That’s not on the agenda. We’re rendezvousing with the Bentley in Snowdonia, and though the journey north is never anything less than raucous and the ride quality remains teeth-shatteringly grim, this is still a GT-R. Which means that it warps forward with sci-fi intensity when you bury the throttle in any gear, redefining the word ‘boost’ as it goes. In fact, it even has an ‘overboost’ function, which serves up an extra 14lb ft of torque in the mid-range, torque being a commodity the regular GT-R isn’t exactly deficient in. The button that triggers it doubles as the cruise control, which is a bit odd but still, overboost. This car has a button for overboost. I try it on the M6, and then don’t bother again. The GT-R has enough boost as it is. Plod are also unlikely to wear overboost as an excuse. ‘honestly officer, my thumb just slipped...’
By the time I get to the Welsh border, my ears are bleeding and my fingers ache from all the furious flappy paddling, but I also feel as though I’ve spent three hours head-butting Keith Flint inside an amplifier at a Prodigy gig. The sense of power is addictive and scary at the same time.
At least it’s dry. With its sticky Dunlop Sport semi-slicks at full operating temperature, the Spec V enters and exits corners at scarcely believable velocities. Like the Bugatti Veyron, you begin to realise the Nissan GT-R is actively redefining what a car can do. This isn’t driving so much as pulling on a piece of hi-tech military ordinance. It’s darty, nervous and much less forgiving than the standard GT-R, but if you can handle it, it offers a level of intimacy and interaction that’s off-the-scale. The only thing that’s missing is our old friend, soul.
And that, surely, is where the Bentley comes in. Time to ’fess up: although the SS is 110kg lighter than standard, the fat-fighting intro is a bit of a red herring. The Supersports makeover actually goes way further than stripping out weight, and is as clever a reworking of an existing car as I’ve experienced in a long time. Around 42,000 Contis have been sold since 2003, so its power to shock has pretty much evaporated. The Supersports restores that and then some.
For a start, how good does this thing look? Blinged up Bentleys are all over the place, and they’re mostly horrible. The SS dials up the menace by deleting the jewellery. White paint over anthracite wheels and black trim really works, and the SS’s wider rear track and reworked front end takes the excess visual weight out of the car. Inside, the transformation is even tastier. There are lean-looking carbon seats with quilted inserts, the steering wheel’s ugly to look at but feels terrific thanks to a suede rim, and there’s no wood. Like the Spec V, the rear seats have been junked. The fearsome-looking chassis brace across the rear compartment points to some serious structural reinforcing. They’re clearly not messing about here.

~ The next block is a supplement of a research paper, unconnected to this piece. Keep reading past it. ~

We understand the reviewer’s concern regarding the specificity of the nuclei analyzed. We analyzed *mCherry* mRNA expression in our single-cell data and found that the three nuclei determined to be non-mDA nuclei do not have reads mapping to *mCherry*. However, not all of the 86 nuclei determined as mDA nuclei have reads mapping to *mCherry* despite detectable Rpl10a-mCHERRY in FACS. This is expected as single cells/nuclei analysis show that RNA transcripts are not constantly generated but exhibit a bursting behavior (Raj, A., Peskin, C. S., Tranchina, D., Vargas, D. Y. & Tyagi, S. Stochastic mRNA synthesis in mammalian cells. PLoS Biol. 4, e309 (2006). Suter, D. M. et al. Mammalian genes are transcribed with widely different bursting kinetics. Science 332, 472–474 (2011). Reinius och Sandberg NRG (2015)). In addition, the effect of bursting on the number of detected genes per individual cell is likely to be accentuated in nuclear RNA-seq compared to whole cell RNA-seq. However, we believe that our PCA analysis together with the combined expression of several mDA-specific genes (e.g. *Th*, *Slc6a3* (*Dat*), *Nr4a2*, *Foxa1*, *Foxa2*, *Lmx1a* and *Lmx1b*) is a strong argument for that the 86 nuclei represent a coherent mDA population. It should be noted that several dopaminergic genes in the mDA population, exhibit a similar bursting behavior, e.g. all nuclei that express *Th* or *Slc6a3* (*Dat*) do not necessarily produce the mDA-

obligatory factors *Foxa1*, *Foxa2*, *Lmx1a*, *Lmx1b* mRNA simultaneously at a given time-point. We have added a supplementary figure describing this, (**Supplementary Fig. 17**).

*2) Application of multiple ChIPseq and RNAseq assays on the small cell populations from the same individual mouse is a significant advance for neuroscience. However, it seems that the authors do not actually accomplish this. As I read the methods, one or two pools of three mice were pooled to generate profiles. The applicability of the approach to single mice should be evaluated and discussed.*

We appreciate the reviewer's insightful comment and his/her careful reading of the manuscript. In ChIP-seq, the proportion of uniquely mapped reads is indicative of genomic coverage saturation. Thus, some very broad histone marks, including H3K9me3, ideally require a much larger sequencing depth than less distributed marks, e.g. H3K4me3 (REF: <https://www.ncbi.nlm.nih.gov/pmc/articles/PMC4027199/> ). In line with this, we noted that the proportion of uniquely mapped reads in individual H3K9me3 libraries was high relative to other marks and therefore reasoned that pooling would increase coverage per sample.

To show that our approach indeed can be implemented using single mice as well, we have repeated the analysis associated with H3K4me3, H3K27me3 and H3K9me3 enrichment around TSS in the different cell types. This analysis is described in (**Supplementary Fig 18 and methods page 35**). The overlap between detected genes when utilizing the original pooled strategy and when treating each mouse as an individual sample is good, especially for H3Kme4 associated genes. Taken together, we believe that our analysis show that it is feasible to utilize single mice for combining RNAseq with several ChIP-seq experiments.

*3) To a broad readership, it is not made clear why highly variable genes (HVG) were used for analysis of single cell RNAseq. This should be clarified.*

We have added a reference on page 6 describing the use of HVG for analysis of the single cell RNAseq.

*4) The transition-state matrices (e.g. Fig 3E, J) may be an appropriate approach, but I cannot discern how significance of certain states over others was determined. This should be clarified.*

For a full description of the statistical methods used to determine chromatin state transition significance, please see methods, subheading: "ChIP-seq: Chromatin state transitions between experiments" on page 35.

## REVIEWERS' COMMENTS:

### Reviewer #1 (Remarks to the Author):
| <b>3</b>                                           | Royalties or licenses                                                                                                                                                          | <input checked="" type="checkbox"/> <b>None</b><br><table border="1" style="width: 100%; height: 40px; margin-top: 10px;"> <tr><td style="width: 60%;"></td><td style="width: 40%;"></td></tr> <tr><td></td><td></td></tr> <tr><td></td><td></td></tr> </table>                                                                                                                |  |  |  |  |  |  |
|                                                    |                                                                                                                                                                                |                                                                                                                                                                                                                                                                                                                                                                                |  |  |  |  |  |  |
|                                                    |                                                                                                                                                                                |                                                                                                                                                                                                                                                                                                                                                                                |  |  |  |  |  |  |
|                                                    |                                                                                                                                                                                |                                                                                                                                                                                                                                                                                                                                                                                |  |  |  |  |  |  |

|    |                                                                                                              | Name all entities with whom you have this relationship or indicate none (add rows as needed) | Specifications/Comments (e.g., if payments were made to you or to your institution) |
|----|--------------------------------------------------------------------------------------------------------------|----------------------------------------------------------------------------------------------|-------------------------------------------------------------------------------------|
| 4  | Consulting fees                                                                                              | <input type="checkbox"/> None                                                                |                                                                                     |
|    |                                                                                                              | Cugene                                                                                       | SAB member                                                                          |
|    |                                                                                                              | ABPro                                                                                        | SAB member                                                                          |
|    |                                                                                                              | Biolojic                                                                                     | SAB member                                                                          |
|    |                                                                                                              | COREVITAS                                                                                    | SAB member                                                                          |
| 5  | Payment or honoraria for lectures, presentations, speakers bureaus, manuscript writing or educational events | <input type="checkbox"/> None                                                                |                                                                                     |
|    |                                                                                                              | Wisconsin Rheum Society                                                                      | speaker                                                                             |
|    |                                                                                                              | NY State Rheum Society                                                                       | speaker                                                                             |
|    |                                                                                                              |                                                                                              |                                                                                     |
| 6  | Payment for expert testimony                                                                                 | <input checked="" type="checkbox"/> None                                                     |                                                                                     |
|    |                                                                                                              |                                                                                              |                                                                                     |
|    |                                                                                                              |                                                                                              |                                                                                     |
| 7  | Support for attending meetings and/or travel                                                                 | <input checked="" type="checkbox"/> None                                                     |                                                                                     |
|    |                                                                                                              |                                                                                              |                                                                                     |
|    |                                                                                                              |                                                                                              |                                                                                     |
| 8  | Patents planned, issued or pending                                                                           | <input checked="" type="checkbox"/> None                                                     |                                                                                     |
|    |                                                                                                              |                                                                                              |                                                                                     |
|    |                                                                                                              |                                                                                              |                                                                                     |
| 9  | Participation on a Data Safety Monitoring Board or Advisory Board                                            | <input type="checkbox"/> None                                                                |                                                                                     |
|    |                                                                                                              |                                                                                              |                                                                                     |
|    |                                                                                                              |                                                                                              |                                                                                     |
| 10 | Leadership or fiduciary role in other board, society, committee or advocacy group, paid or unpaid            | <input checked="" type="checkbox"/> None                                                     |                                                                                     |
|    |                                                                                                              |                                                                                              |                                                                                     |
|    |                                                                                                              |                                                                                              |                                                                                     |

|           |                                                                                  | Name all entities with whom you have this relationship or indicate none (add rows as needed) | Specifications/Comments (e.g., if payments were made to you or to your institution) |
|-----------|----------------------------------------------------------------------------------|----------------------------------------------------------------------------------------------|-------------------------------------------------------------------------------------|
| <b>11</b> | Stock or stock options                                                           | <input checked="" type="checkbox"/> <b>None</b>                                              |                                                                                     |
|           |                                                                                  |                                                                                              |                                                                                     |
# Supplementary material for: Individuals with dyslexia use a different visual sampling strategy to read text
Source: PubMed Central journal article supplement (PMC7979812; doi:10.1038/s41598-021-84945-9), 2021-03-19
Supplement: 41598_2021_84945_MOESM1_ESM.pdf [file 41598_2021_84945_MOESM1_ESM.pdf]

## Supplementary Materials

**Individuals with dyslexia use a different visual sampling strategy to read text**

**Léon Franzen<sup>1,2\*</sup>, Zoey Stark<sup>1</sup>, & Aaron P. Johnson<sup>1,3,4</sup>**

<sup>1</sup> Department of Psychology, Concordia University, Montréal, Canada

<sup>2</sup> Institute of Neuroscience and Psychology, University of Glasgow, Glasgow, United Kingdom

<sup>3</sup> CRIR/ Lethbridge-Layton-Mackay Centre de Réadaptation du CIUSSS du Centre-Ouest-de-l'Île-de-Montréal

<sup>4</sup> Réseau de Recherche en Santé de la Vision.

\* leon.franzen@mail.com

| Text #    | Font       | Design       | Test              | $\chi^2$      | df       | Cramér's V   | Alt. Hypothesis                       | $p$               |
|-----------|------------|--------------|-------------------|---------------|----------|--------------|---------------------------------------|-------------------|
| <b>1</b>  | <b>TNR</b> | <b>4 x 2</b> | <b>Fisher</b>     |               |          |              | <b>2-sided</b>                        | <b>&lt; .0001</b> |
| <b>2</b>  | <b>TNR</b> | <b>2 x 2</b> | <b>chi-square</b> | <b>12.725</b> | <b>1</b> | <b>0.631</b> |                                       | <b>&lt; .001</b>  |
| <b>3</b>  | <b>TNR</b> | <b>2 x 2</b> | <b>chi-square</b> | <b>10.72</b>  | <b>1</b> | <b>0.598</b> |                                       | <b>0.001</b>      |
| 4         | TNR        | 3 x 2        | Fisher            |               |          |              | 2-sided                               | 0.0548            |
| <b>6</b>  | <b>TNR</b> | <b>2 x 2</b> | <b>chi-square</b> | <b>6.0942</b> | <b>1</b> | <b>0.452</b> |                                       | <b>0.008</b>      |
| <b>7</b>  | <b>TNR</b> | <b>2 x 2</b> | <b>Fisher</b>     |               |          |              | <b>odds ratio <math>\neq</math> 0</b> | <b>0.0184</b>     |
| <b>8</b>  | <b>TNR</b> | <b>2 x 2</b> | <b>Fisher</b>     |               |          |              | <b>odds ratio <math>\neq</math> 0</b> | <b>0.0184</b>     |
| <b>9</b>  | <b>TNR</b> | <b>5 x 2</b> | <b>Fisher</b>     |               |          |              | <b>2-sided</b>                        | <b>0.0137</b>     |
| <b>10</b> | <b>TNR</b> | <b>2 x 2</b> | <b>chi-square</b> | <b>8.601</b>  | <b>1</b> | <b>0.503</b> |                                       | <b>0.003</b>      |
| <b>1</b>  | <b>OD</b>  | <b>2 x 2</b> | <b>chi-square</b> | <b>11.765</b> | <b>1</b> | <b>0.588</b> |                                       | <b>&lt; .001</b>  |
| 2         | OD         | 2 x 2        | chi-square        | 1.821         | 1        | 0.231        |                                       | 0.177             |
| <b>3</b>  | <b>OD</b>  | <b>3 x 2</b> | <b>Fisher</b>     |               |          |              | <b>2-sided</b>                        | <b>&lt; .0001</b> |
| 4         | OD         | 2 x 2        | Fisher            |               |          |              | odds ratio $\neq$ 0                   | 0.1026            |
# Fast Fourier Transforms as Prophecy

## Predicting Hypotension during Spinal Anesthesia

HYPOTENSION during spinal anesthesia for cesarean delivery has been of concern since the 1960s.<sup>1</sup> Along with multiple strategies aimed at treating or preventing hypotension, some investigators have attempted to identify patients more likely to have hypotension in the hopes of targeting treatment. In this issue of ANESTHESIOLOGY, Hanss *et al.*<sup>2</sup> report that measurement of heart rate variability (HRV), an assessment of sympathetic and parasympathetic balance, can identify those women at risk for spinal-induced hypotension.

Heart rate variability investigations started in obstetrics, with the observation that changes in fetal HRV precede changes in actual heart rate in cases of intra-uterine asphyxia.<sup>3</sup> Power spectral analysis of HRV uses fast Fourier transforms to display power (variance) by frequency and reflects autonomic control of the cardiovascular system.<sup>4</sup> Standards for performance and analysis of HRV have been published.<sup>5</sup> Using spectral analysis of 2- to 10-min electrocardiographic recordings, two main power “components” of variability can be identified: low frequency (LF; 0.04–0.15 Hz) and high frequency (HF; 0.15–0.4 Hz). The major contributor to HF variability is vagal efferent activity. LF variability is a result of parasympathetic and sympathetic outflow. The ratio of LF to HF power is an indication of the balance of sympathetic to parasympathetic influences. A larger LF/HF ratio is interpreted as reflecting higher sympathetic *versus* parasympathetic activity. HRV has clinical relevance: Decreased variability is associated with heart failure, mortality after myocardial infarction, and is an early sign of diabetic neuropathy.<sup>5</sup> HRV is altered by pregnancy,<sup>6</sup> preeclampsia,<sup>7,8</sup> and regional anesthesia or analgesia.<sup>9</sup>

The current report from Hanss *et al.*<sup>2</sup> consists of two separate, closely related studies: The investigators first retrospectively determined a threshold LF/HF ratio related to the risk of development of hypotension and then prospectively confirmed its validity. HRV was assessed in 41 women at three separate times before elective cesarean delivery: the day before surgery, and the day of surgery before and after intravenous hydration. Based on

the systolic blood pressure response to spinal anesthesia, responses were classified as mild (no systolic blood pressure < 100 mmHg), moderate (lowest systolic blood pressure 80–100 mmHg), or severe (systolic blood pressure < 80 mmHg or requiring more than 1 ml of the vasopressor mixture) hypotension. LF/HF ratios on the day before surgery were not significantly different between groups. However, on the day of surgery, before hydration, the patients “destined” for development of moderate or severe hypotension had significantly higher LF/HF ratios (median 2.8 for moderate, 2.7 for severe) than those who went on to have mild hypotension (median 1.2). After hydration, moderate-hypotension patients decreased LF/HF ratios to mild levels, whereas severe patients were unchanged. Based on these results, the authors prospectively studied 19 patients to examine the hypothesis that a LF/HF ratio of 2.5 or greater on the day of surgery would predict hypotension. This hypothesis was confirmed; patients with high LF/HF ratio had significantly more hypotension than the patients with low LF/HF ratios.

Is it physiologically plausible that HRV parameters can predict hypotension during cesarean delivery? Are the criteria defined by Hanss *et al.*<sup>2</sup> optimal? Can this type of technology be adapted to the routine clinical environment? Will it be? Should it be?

That much is clear by about the third apex on one of Wales’s finest roads. The Conti SS is so good at containing its mass it’s almost spooky. Sure, even with 2,240kg to lug, 630bhp is still plenty to be getting on with, and like the GT-R the Bentley doesn’t simply accelerate, it indulges in some head-spinning matter transportation. Sixty-two takes 3.9 seconds. Top speed is 204mph.
But never mind that, it’s the sheer force and the dramatically undramatic way the Bentley gathers momentum between 60mph and its terminal velocity that makes your eyes pop. There’s 590lb ft of torque from just 1,700rpm, and unleashing all that energy makes the SS rumble and snort in a way that’s elemental. The W12 engine sounds more like a satanic mill on prole-bashing overtime than a conventional power unit. The Bentley also handles astonishingly well, thanks to a torque-sensing diff that keeps things more rear-drive biased, and adaptive damping that gives the car a more athletic repertoire than before. With its huge front tyres, the Conti SS somehow overcomes the colossal weight of its 6.0-litre engine to deliver the sort of pointiness and turn-in you get in smaller, lighter cars. Here’s the thing: it might only have shed 110kg but it behaves like it’s lost 1,000.
Then there are the brakes. To be honest, braking is handling and acceleration’s ugly step-sister on the pages of TG. Slowing down isn’t as exciting, is it? It is in these two. It needs to be to wrestle all that weight to a halt. But the amount of feel and the confidence that both cars’ set-ups generate suggests ceramic brakes have finally come of age. I don’t think I’ve ever used anything better. It’s the sort of revelation you want up a Welsh mountain.
I was cynical about both the Bentley and the GT-R Spec V before this test. And nothing can alter the fact that they’re stupidly expensive evolutions of what are, by anyone’s reckoning, pretty desirable standard models. But as storm-clouds gather over the mountains, I can’t work out which one to use for the long journey home.
The Bentley wins the prize for most effective makeover, and not just because it had further to go to turn into this awesome behemoth. The Spec V is harder to love because it’s so unrelenting, but also because the regular GT-R remains a genuine milestone. They’re a reminder of just how exciting properly executed automotive engineering still is.
But it’s the Nissan that I want to go into battle with again. Maybe it’ll duff me up. Maybe it won’t. The fun is not knowing which it’s going to be...